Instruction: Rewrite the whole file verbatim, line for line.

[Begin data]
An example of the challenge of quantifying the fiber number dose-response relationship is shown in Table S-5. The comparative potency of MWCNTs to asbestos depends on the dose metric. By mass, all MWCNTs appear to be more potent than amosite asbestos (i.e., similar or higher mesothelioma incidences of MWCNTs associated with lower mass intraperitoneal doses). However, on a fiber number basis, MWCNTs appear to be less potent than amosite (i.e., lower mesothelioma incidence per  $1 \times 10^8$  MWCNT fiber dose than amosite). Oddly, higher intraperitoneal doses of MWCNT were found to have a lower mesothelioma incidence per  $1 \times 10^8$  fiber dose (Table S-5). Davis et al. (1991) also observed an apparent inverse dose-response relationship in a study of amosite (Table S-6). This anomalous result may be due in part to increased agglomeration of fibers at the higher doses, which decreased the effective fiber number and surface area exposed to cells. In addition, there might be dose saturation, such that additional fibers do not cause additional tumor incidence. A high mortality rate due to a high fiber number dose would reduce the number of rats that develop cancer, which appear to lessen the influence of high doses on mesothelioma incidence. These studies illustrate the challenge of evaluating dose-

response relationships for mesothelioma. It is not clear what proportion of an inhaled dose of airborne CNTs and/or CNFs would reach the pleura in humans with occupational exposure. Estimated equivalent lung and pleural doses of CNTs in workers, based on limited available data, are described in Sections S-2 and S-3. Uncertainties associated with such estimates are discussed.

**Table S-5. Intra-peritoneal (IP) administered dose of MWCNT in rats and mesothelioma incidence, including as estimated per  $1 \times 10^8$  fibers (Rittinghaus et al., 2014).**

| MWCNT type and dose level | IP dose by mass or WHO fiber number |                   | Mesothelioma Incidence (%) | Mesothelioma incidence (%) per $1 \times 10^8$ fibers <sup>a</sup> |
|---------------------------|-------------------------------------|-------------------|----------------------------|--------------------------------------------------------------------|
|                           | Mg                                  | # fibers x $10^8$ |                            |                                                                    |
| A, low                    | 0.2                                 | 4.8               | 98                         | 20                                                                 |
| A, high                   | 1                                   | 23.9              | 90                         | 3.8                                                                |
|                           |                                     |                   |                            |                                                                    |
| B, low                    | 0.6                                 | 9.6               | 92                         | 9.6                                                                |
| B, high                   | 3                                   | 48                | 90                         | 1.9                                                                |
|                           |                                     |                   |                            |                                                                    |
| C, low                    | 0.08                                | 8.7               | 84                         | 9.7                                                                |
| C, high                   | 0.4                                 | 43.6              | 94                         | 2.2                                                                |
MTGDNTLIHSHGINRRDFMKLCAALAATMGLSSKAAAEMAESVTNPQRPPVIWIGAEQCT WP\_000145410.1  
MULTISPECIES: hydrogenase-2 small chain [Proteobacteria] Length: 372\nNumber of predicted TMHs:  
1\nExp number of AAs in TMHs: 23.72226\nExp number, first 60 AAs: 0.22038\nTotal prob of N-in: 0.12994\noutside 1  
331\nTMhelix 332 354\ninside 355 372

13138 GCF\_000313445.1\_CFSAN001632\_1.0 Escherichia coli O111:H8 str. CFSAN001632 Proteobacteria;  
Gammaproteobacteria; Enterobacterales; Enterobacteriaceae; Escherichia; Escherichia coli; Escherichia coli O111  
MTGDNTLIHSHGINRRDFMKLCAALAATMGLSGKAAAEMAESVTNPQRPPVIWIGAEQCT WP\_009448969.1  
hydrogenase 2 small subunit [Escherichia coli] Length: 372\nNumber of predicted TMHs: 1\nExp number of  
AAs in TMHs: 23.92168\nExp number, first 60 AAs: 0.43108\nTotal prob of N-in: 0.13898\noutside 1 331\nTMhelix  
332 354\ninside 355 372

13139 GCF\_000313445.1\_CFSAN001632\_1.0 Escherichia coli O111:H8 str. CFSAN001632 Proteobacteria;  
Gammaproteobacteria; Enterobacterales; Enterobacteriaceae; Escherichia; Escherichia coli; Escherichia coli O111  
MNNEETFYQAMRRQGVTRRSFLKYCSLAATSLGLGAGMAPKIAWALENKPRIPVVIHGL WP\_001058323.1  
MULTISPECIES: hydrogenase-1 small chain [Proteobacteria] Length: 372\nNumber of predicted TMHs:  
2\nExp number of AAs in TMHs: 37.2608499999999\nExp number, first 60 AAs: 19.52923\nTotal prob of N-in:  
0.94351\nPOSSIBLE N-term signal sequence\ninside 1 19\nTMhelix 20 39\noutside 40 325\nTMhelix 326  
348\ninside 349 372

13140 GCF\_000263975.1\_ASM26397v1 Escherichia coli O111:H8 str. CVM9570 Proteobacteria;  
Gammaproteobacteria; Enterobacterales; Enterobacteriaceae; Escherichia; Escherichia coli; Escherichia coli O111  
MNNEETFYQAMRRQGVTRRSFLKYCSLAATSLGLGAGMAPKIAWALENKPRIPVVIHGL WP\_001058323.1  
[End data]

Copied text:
An example of the challenge of quantifying the fiber number dose-response relationship is shown in Table S-5. The comparative potency of MWCNTs to asbestos depends on the dose metric. By mass, all MWCNTs appear to be more potent than amosite asbestos (i.e., similar or higher mesothelioma incidences of MWCNTs associated with lower mass intraperitoneal doses). However, on a fiber number basis, MWCNTs appear to be less potent than amosite (i.e., lower mesothelioma incidence per  $1 \times 10^8$  MWCNT fiber dose than amosite). Oddly, higher intraperitoneal doses of MWCNT were found to have a lower mesothelioma incidence per  $1 \times 10^8$  fiber dose (Table S-5). Davis et al. (1991) also observed an apparent inverse dose-response relationship in a study of amosite (Table S-6). This anomalous result may be due in part to increased agglomeration of fibers at the higher doses, which decreased the effective fiber number and surface area exposed to cells. In addition, there might be dose saturation, such that additional fibers do not cause additional tumor incidence. A high mortality rate due to a high fiber number dose would reduce the number of rats that develop cancer, which appear to lessen the influence of high doses on mesothelioma incidence. These studies illustrate the challenge of evaluating dose-

response relationships for mesothelioma. It is not clear what proportion of an inhaled dose of airborne CNTs and/or CNFs would reach the pleura in humans with occupational exposure. Estimated equivalent lung and pleural doses of CNTs in workers, based on limited available data, are described in Sections S-2 and S-3. Uncertainties associated with such estimates are discussed.

**Table S-5. Intra-peritoneal (IP) administered dose of MWCNT in rats and mesothelioma incidence, including as estimated per  $1 \times 10^8$  fibers (Rittinghaus et al., 2014).**

| MWCNT type and dose level | IP dose by mass or WHO fiber number |                   | Mesothelioma Incidence (%) | Mesothelioma incidence (%) per $1 \times 10^8$ fibers <sup>a</sup> |
|---------------------------|-------------------------------------|-------------------|----------------------------|--------------------------------------------------------------------|
|                           | Mg                                  | # fibers x $10^8$ |                            |                                                                    |
| A, low                    | 0.2                                 | 4.8               | 98                         | 20                                                                 |
| A, high                   | 1                                   | 23.9              | 90                         | 3.8                                                                |
|                           |                                     |                   |                            |                                                                    |
| B, low                    | 0.6                                 | 9.6               | 92                         | 9.6                                                                |
| B, high                   | 3                                   | 48                | 90                         | 1.9                                                                |
|                           |                                     |                   |                            |                                                                    |
| C, low                    | 0.08                                | 8.7               | 84                         | 9.7                                                                |
| C, high                   | 0.4                                 | 43.6              | 94                         | 2.2                                                                |
MTGDNTLIHSHGINRRDFMKLCAALAATMGLSSKAAAEMAESVTNPQRPPVIWIGAEQCT WP\_000145410.1  
MULTISPECIES: hydrogenase-2 small chain [Proteobacteria] Length: 372\nNumber of predicted TMHs:  
1\nExp number of AAs in TMHs: 23.72226\nExp number, first 60 AAs: 0.22038\nTotal prob of N-in: 0.12994\noutside 1  
331\nTMhelix 332 354\ninside 355 372

13138 GCF\_000313445.1\_CFSAN001632\_1.0 Escherichia coli O111:H8 str. CFSAN001632 Proteobacteria;  
Gammaproteobacteria; Enterobacterales; Enterobacteriaceae; Escherichia; Escherichia coli; Escherichia coli O111  
MTGDNTLIHSHGINRRDFMKLCAALAATMGLSGKAAAEMAESVTNPQRPPVIWIGAEQCT WP\_009448969.1  
hydrogenase 2 small subunit [Escherichia coli] Length: 372\nNumber of predicted TMHs: 1\nExp number of  
AAs in TMHs: 23.92168\nExp number, first 60 AAs: 0.43108\nTotal prob of N-in: 0.13898\noutside 1 331\nTMhelix  
332 354\ninside 355 372

13139 GCF\_000313445.1\_CFSAN001632\_1.0 Escherichia coli O111:H8 str. CFSAN001632 Proteobacteria;  
Gammaproteobacteria; Enterobacterales; Enterobacteriaceae; Escherichia; Escherichia coli; Escherichia coli O111  
MNNEETFYQAMRRQGVTRRSFLKYCSLAATSLGLGAGMAPKIAWALENKPRIPVVIHGL WP\_001058323.1  
MULTISPECIES: hydrogenase-1 small chain [Proteobacteria] Length: 372\nNumber of predicted TMHs:  
2\nExp number of AAs in TMHs: 37.2608499999999\nExp number, first 60 AAs: 19.52923\nTotal prob of N-in:  
0.94351\nPOSSIBLE N-term signal sequence\ninside 1 19\nTMhelix 20 39\noutside 40 325\nTMhelix 326  
348\ninside 349 372

13140 GCF\_000263975.1\_ASM26397v1 Escherichia coli O111:H8 str. CVM9570 Proteobacteria;  
Gammaproteobacteria; Enterobacterales; Enterobacteriaceae; Escherichia; Escherichia coli; Escherichia coli O111  
MNNEETFYQAMRRQGVTRRSFLKYCSLAATSLGLGAGMAPKIAWALENKPRIPVVIHGL WP\_001058323.1  